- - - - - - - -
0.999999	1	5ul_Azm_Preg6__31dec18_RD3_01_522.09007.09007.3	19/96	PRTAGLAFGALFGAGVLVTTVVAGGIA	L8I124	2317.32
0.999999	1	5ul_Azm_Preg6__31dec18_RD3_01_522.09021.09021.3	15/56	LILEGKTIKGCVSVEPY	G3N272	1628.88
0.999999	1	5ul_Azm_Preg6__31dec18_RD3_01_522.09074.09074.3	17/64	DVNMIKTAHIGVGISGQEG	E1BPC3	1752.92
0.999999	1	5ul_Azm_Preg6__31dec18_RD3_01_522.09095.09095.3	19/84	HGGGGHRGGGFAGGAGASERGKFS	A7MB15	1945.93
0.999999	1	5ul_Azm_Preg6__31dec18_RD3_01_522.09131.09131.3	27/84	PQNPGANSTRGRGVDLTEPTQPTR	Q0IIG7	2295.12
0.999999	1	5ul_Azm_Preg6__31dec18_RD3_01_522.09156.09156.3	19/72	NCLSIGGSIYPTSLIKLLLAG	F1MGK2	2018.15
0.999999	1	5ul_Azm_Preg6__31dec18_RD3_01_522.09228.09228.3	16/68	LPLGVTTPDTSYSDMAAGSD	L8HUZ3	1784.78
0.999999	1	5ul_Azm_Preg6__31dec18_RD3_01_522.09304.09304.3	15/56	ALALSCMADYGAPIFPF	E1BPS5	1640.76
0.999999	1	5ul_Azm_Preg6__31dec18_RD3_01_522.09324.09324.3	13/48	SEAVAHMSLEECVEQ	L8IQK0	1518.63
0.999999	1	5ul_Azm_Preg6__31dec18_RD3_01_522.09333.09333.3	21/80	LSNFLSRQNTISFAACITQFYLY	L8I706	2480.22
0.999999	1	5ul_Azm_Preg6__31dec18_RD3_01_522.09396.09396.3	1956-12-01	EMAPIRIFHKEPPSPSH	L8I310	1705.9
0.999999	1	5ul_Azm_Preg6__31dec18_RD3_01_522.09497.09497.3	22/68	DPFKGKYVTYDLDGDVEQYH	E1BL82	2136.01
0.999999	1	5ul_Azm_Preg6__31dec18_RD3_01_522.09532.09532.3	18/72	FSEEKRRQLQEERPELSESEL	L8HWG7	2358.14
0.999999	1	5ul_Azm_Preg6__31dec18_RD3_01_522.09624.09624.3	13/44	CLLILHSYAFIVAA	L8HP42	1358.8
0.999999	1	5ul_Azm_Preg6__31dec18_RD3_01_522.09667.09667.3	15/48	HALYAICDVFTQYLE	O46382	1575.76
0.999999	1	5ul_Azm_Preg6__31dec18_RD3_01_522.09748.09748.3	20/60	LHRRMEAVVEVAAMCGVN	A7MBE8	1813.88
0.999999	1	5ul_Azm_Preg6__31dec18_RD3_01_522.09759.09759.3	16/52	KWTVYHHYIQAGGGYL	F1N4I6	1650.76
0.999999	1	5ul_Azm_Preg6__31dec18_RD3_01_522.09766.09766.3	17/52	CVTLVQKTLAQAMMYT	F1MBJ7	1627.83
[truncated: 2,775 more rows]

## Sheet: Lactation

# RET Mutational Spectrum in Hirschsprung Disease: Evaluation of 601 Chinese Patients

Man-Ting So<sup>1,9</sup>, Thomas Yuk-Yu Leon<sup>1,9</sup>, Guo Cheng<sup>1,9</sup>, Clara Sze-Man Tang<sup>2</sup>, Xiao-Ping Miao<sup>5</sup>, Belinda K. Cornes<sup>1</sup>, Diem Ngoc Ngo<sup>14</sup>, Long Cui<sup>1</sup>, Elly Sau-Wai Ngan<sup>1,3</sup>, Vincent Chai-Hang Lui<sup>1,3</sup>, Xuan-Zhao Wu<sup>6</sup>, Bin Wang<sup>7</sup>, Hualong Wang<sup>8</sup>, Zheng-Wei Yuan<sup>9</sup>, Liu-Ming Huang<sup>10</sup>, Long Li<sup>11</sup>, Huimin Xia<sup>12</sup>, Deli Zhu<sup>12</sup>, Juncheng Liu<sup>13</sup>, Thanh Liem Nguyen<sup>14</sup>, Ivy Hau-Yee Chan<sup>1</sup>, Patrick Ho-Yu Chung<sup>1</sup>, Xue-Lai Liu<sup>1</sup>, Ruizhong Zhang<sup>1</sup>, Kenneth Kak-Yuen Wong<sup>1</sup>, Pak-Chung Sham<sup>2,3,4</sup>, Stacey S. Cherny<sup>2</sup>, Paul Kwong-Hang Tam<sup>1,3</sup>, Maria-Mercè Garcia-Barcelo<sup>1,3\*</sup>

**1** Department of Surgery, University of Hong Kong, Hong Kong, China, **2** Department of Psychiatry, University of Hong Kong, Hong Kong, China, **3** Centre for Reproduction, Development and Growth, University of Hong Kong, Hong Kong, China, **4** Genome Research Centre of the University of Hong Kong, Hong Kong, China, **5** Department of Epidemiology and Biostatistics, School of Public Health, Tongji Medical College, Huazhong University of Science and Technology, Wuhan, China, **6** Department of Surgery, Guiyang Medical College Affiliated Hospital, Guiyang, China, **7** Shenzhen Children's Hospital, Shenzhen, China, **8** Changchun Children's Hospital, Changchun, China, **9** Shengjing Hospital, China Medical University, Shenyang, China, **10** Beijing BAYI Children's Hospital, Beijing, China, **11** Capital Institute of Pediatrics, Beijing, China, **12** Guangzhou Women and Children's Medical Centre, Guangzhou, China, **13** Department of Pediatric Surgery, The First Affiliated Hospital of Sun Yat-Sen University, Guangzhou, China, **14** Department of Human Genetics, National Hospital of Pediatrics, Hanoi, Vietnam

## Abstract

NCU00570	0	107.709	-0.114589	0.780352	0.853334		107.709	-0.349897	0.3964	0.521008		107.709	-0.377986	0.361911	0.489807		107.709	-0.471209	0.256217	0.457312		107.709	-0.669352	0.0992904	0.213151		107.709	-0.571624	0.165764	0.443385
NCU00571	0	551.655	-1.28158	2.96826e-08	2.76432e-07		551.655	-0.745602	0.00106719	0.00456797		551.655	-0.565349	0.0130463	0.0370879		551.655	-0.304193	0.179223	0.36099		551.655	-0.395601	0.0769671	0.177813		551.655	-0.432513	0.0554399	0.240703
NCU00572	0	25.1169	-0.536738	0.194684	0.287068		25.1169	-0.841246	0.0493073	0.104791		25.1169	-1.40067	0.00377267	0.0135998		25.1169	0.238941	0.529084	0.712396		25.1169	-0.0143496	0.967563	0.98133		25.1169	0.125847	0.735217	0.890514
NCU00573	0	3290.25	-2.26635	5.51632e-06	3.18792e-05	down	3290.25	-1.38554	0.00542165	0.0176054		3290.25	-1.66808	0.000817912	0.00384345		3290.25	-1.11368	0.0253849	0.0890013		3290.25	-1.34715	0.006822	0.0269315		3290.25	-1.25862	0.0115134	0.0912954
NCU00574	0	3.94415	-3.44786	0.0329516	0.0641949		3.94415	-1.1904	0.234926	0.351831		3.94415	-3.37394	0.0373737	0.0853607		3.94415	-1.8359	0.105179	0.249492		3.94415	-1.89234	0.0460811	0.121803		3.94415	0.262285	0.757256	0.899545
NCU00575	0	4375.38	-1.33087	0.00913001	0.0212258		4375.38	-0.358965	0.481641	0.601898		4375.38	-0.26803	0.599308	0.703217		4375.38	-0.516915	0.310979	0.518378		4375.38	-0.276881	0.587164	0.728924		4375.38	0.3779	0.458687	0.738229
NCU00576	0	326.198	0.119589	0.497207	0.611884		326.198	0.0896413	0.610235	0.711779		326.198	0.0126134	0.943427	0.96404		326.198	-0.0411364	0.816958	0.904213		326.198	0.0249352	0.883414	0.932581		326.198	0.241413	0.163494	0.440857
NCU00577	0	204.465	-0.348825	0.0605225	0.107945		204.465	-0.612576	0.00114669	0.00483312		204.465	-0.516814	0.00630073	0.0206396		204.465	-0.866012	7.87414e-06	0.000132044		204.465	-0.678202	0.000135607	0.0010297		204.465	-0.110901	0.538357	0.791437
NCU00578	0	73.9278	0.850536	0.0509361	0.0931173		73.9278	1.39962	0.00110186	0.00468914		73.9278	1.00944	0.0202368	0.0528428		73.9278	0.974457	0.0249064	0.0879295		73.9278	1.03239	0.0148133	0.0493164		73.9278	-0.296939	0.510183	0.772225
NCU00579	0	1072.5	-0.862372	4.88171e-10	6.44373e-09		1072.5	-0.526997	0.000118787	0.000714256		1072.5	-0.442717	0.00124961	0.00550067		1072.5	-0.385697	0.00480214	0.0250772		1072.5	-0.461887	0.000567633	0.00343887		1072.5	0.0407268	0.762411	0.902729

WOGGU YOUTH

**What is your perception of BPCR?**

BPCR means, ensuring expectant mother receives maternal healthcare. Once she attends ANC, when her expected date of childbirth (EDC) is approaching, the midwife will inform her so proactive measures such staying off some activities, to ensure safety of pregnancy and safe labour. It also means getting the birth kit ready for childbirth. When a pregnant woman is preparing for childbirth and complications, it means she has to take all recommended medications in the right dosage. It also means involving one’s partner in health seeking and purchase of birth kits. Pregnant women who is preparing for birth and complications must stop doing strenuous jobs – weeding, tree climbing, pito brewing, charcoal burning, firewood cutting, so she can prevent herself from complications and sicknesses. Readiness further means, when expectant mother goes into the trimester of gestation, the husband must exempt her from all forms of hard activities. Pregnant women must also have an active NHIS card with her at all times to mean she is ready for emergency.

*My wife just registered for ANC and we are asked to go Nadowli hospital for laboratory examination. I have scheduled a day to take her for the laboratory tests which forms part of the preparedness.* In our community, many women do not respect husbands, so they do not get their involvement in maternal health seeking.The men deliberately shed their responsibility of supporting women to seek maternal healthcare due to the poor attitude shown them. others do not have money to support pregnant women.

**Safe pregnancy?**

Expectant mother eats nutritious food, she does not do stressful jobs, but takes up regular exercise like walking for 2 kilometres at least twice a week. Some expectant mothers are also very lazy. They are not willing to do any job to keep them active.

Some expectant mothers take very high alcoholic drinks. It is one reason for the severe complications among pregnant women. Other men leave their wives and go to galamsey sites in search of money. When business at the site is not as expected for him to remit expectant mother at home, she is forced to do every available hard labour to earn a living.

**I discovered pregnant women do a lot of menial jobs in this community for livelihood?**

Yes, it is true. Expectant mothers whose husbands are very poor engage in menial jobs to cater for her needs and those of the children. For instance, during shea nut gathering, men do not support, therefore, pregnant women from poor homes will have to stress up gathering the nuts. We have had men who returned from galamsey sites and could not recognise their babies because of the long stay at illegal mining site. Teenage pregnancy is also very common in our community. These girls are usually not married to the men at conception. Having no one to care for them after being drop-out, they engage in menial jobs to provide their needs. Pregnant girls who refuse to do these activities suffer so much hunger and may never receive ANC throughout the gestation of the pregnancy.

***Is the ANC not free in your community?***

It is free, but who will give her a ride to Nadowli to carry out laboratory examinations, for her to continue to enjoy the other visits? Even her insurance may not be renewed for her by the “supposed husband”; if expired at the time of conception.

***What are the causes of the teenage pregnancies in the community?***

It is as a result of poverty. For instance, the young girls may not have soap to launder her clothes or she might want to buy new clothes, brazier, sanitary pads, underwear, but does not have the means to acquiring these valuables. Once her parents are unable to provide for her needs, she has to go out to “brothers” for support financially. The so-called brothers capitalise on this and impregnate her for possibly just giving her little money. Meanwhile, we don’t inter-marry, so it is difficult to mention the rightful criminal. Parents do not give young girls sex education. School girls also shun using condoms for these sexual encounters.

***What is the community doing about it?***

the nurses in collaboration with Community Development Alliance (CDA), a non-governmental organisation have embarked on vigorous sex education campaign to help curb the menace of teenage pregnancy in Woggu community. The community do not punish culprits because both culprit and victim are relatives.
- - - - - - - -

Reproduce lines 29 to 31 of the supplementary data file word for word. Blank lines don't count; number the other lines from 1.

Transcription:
NCU00574	0	3.94415	-3.44786	0.0329516	0.0641949		3.94415	-1.1904	0.234926	0.351831		3.94415	-3.37394	0.0373737	0.0853607		3.94415	-1.8359	0.105179	0.249492		3.94415	-1.89234	0.0460811	0.121803		3.94415	0.262285	0.757256	0.899545
NCU00575	0	4375.38	-1.33087	0.00913001	0.0212258		4375.38	-0.358965	0.481641	0.601898		4375.38	-0.26803	0.599308	0.703217		4375.38	-0.516915	0.310979	0.518378		4375.38	-0.276881	0.587164	0.728924		4375.38	0.3779	0.458687	0.738229
NCU00576	0	326.198	0.119589	0.497207	0.611884		326.198	0.0896413	0.610235	0.711779		326.198	0.0126134	0.943427	0.96404		326.198	-0.0411364	0.816958	0.904213		326.198	0.0249352	0.883414	0.932581		326.198	0.241413	0.163494	0.440857